Since its inception, the discipline of criminology has served as an extension of state power. While this is obviously true for applied criminological research undertaken directly by or in service to government agencies, it is equally true for most basic research in criminology done in university settings or private research firms. Although, in liberal democratic societies, these organizations are presumably part of civil society, the line that separates civil society from the state is often much thinner than it is presumed to be. To the extent that criminological inquiry defines its primary subject matter as the causes and control of behaviors that states have selected for criminalization, it becomes part of the ‘ideological apparatuses’ whose functions are to promote and preserve the legitimacy of state power (Althusser 1971). Or, as Foucault (1977) would have it, criminological knowledge, like all state-approved knowledge, is an artifact of power.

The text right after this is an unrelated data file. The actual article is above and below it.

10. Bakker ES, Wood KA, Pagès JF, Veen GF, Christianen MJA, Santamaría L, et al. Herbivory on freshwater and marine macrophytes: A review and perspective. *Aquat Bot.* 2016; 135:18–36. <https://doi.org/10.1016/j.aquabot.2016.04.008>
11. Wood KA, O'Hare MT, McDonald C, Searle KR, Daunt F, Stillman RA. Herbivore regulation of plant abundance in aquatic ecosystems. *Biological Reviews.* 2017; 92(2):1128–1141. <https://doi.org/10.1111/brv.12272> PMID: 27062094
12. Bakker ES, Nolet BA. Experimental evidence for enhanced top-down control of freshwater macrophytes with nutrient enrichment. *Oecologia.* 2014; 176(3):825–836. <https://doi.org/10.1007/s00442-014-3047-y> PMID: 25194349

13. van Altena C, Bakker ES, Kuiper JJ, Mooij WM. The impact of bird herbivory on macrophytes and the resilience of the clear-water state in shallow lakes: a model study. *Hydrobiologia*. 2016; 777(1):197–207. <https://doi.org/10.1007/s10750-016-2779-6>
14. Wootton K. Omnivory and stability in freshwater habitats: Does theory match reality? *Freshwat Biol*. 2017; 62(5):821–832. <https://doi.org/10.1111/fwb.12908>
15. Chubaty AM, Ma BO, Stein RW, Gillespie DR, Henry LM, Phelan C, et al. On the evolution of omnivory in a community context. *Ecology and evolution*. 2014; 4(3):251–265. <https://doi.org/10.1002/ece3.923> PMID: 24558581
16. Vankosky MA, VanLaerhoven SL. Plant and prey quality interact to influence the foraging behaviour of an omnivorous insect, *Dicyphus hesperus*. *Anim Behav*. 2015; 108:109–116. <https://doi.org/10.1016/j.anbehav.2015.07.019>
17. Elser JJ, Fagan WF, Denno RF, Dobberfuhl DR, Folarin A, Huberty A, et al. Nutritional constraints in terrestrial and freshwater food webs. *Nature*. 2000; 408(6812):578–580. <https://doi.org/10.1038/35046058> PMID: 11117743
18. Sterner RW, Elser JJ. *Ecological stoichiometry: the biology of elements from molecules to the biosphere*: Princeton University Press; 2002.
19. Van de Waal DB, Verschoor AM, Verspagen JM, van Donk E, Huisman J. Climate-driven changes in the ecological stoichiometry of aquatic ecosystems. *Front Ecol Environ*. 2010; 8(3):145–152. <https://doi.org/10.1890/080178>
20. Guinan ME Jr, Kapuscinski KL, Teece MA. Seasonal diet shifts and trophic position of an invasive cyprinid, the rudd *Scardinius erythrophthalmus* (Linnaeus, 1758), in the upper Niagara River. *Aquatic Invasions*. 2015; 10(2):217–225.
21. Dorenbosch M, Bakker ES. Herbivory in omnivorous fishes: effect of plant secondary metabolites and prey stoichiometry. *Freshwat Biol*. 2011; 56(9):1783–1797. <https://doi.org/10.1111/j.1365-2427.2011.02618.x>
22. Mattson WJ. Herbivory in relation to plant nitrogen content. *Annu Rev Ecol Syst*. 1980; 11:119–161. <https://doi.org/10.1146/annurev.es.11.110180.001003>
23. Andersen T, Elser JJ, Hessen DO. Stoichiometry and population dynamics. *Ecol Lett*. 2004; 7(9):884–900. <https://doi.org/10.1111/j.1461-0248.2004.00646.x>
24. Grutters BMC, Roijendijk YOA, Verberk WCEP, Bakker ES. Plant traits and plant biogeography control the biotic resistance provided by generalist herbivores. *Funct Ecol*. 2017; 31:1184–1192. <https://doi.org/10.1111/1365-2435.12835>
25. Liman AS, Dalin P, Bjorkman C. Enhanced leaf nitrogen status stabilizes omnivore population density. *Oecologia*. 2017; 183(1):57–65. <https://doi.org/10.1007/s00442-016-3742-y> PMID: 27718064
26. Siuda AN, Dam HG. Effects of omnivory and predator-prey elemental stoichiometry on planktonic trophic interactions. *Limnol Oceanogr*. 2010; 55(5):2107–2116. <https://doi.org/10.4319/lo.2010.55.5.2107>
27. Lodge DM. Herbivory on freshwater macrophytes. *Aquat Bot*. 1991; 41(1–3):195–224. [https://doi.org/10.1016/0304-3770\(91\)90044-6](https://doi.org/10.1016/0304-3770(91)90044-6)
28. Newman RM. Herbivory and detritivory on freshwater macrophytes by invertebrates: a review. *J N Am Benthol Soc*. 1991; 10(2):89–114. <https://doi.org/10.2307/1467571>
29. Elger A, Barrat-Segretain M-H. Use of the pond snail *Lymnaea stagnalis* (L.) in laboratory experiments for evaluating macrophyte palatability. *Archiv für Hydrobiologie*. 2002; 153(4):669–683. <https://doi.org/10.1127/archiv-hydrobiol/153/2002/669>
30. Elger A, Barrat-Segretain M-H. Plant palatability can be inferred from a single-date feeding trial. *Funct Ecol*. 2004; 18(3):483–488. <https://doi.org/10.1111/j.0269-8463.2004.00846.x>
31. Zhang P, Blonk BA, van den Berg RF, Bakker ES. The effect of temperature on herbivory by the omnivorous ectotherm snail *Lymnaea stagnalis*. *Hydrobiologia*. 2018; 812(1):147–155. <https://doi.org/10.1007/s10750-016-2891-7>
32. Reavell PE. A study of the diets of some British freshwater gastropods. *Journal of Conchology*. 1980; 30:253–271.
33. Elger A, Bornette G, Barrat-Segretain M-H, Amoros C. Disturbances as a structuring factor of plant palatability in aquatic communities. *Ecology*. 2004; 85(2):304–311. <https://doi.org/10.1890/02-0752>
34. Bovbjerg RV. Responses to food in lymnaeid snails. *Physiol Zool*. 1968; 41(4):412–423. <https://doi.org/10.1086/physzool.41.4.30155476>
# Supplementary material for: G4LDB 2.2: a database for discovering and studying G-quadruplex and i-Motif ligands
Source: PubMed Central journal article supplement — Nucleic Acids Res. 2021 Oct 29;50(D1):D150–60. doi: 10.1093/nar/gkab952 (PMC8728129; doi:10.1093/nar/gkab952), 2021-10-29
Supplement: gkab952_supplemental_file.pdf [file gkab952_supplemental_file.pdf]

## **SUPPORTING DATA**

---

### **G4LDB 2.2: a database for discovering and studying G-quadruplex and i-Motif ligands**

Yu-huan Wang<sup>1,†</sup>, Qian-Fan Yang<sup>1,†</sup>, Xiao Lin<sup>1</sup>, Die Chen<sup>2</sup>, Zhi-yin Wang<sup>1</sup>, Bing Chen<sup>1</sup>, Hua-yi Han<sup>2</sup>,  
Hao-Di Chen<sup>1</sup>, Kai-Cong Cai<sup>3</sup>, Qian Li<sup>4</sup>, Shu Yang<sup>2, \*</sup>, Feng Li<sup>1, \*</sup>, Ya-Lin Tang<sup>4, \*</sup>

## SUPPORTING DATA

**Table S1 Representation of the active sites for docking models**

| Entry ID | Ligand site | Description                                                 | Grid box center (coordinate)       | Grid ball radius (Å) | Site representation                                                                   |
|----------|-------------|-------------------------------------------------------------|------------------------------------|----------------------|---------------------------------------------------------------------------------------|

ASJC Scopus subject areas
- General Social Sciences